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Forum:Satellites - Robotic Probes
Topic:OSIRIS-REx to asteroid Bennu: Viewing, comments
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Robert PearlmanToday's news regarding the naming of asteroid (101955) 1999 RQ36 as "Bennu" has a collectSPACE connection.
The name is the winning entry in an international student contest. Michael Puzio, a nine-year-old in North Carolina, suggested the name because he imagined the Touch-and-Go Sample Mechanism (TAGSAM) arm and solar panels on OSIRIS-REx look like the like neck and wings in drawings of Bennu, which Egyptians usually depicted as a gray heron.
Michael is the son of cS member Larry Puzio (cS: lspooz)!

Congratulations Michael and Larry! Very nice to have an asteroid namer among our extended community!

lspoozAnd thanks to collectSPACE, where I first found the link to NASA and the Planetary Society's contest back on Labor Day.
lspoozWe're looking forward to the Sept. 8 launch of the OSIRIS-REx mission, and tomorrow NASA TV will feature the traditional 'L-14' press briefing (Dr. Dante Lauretta and other project leaders will present to the media and field questions).

The broadcast at 2 p.m. EDT will live stream here.

Robert PearlmanGreat to hear Dante Lauretta during today's briefing give credit to Michael (Puzio) for naming Bennu. See 40 minutes, 20 seconds into this video:

Robert PearlmanPhotos from this morning's rollout of the Atlas V with OSIRIS-REx to Launch Complex 41 at Cape Canaveral Air Force Station:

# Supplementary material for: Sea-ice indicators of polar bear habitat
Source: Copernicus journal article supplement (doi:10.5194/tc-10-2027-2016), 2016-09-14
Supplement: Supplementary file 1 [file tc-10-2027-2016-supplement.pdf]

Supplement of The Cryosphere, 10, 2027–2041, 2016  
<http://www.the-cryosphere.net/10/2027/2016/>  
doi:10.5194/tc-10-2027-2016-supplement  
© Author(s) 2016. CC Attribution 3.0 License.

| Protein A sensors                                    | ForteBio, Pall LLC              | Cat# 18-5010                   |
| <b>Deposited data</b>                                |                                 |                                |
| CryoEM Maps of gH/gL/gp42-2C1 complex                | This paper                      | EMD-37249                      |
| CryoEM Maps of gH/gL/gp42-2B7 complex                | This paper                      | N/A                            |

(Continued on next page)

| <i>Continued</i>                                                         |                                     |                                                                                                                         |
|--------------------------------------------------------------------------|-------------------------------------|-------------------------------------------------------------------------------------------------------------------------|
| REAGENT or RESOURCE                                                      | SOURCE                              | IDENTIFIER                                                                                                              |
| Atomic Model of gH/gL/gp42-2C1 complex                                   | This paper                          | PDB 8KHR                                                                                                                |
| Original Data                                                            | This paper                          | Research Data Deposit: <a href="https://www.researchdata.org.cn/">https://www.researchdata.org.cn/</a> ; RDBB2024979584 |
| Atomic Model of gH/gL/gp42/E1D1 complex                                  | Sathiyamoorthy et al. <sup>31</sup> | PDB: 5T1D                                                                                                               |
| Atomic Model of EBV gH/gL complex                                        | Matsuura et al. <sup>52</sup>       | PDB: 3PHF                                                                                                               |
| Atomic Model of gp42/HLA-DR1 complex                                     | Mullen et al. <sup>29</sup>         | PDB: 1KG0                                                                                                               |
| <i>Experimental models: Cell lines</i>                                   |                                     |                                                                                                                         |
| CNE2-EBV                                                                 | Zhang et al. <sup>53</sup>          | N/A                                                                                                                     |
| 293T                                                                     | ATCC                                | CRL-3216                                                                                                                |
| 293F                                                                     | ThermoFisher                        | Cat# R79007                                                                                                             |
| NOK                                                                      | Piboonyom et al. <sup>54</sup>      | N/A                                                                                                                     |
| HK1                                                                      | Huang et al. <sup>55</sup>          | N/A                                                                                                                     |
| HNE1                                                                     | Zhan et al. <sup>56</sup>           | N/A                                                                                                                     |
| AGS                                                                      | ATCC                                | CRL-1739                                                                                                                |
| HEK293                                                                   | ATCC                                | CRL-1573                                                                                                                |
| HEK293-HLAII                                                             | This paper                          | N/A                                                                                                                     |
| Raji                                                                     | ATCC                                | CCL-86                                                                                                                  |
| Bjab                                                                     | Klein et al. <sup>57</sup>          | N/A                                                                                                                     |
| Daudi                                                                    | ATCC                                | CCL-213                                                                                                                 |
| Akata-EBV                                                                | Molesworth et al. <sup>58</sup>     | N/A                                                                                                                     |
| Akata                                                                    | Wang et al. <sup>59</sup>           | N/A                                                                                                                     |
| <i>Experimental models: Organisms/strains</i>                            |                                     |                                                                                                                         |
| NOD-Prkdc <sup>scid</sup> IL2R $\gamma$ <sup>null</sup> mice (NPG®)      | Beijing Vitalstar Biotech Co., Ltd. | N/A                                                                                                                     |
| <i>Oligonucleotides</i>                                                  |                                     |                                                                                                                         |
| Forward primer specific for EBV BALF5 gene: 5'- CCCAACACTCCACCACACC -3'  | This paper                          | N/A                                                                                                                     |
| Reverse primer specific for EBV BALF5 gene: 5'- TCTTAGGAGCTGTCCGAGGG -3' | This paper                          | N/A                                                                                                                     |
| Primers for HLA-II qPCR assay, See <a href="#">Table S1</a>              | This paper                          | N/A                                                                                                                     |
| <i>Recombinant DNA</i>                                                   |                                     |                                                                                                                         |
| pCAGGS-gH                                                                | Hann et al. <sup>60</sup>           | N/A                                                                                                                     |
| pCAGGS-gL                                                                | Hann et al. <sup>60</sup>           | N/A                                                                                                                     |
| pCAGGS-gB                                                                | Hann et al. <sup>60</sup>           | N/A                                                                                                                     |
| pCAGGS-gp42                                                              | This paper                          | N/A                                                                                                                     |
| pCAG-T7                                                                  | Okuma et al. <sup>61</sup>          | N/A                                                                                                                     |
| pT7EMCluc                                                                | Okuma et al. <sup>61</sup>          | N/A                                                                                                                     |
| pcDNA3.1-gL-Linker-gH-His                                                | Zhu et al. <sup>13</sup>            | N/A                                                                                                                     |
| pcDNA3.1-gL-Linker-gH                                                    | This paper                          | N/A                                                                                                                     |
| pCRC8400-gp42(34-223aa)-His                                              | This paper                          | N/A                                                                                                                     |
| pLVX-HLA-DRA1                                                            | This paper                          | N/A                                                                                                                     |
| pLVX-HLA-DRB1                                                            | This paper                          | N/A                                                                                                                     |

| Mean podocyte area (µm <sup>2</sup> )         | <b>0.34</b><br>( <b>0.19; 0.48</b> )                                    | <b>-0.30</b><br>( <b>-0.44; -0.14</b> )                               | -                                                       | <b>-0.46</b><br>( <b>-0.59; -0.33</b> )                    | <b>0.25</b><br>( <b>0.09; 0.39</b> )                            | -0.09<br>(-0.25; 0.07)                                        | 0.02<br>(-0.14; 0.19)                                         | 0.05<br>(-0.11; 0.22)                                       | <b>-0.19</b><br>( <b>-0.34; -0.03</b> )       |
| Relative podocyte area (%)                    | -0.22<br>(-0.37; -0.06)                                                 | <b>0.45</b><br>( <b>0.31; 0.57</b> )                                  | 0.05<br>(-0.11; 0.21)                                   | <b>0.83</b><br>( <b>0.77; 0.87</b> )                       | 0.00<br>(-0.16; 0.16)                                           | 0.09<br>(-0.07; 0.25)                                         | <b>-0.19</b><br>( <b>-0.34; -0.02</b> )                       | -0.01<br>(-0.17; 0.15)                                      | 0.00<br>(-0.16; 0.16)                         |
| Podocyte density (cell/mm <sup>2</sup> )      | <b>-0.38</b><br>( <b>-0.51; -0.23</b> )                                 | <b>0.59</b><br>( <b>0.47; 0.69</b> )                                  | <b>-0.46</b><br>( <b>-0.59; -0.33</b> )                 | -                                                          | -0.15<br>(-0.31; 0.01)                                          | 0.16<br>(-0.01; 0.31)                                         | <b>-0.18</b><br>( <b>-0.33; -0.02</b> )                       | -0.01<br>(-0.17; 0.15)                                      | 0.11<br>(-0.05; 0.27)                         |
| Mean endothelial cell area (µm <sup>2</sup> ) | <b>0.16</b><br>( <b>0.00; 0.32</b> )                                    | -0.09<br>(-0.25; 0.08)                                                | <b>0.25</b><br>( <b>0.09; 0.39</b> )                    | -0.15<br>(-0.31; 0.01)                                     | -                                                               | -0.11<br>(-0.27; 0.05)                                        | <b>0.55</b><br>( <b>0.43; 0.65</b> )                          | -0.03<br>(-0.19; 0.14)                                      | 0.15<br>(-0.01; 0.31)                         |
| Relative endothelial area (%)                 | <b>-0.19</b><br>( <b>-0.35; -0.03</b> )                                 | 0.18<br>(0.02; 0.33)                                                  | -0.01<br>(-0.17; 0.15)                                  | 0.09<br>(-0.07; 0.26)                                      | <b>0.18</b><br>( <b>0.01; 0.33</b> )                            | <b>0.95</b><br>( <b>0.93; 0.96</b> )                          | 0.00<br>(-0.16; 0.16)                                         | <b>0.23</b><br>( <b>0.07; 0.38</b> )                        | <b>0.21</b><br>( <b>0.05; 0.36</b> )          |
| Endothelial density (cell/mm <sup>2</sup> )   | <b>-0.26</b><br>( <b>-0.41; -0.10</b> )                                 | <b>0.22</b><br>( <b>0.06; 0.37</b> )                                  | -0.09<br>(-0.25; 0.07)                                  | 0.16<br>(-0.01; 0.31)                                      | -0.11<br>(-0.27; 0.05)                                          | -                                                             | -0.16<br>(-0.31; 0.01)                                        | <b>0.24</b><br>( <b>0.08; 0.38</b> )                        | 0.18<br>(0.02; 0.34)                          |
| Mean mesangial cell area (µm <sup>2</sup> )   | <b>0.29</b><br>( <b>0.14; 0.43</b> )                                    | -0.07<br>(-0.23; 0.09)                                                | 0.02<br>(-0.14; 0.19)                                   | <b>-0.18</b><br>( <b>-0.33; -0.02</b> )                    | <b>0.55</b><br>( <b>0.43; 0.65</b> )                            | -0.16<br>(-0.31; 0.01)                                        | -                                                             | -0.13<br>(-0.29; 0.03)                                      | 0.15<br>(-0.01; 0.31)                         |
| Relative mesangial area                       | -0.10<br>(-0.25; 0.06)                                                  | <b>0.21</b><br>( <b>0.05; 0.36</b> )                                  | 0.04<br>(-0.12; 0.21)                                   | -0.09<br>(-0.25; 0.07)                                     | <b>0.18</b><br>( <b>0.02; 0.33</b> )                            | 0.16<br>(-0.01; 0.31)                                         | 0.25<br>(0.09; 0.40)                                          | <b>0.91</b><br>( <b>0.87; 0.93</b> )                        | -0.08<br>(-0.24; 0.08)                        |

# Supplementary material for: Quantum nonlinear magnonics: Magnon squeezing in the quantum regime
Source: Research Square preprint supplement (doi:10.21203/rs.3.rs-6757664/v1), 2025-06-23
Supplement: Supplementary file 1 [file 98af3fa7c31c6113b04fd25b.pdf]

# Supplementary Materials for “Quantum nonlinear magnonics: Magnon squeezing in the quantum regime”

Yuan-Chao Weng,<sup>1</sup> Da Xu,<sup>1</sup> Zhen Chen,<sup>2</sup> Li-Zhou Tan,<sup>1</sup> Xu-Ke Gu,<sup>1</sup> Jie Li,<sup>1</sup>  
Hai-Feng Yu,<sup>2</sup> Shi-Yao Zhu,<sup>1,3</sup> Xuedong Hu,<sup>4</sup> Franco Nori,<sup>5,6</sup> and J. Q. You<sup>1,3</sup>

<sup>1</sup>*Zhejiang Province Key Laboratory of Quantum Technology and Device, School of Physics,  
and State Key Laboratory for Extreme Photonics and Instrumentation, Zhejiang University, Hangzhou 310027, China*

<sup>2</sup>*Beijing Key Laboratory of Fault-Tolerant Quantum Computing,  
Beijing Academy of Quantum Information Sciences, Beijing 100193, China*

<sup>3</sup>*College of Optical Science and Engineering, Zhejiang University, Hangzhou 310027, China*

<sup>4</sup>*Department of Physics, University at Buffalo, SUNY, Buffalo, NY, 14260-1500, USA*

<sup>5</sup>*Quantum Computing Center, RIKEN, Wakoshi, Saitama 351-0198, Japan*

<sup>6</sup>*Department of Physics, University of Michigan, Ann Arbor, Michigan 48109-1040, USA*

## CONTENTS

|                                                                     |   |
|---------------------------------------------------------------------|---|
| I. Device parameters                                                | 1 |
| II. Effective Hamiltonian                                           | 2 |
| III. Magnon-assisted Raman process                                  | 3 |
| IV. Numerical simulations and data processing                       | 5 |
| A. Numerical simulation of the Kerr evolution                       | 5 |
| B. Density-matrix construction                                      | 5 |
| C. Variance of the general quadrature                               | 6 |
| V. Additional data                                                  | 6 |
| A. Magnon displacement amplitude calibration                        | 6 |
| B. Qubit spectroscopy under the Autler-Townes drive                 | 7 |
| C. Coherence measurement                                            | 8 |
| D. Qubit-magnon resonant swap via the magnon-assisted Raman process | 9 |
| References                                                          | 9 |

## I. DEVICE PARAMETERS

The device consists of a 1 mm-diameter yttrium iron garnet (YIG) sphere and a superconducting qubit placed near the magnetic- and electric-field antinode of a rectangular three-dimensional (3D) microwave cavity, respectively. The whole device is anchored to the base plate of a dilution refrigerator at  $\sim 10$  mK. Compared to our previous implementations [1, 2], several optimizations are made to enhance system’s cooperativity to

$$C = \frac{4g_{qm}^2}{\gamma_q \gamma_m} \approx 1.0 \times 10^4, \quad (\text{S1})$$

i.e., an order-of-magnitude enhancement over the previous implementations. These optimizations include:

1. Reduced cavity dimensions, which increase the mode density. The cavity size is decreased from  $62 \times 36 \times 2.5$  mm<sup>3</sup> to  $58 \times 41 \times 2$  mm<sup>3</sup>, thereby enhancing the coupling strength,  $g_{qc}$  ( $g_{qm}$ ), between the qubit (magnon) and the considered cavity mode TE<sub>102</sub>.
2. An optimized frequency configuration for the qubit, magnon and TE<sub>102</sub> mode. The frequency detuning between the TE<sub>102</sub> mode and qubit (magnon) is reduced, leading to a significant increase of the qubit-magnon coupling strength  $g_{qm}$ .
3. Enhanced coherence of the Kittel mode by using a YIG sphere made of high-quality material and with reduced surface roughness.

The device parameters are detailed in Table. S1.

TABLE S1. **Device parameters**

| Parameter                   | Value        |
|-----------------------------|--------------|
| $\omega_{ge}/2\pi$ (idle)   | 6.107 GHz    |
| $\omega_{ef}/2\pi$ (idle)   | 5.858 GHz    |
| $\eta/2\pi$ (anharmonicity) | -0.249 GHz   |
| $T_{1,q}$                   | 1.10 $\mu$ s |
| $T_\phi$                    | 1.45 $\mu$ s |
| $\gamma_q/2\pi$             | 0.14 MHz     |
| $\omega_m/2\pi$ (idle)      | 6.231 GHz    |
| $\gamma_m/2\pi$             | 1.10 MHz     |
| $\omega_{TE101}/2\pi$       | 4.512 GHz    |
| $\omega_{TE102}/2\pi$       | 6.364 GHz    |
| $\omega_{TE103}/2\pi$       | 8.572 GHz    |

ejectrI saw the launch from as far as one can go on Playalinda Beach, about 5 miles from the launch.

What a sight to see. And the shuttle pads are right next to you. What a place to witness a shuttle launch or next a SpaceX launch.

Larry McGlynnI watched it from the Causeway. It was about 3 miles across the water from us. It was a beautiful launch that was highlighted by the setting Sun.
lspoozOur family watched from the Operations Support Building-II about 3 miles away (first launch ever) and I was stunned at the feel of the noise and the brightness of the flame, smaller and brighter than the sun and most reminiscent of a welding torch.

(Photo credit: NASA)

The Planetary Society hosts and the NASA support personnel made the entire launch day just incredible. With the 7:05 p.m. launch the setting sun made for an interesting effect:

(Photo credit: Arizona Central)

WehaveliftoffIn celebration of the successful launch of the University of Arizona's third mission into space (after Juno and New Horizons), members of the team were invited onto the field.

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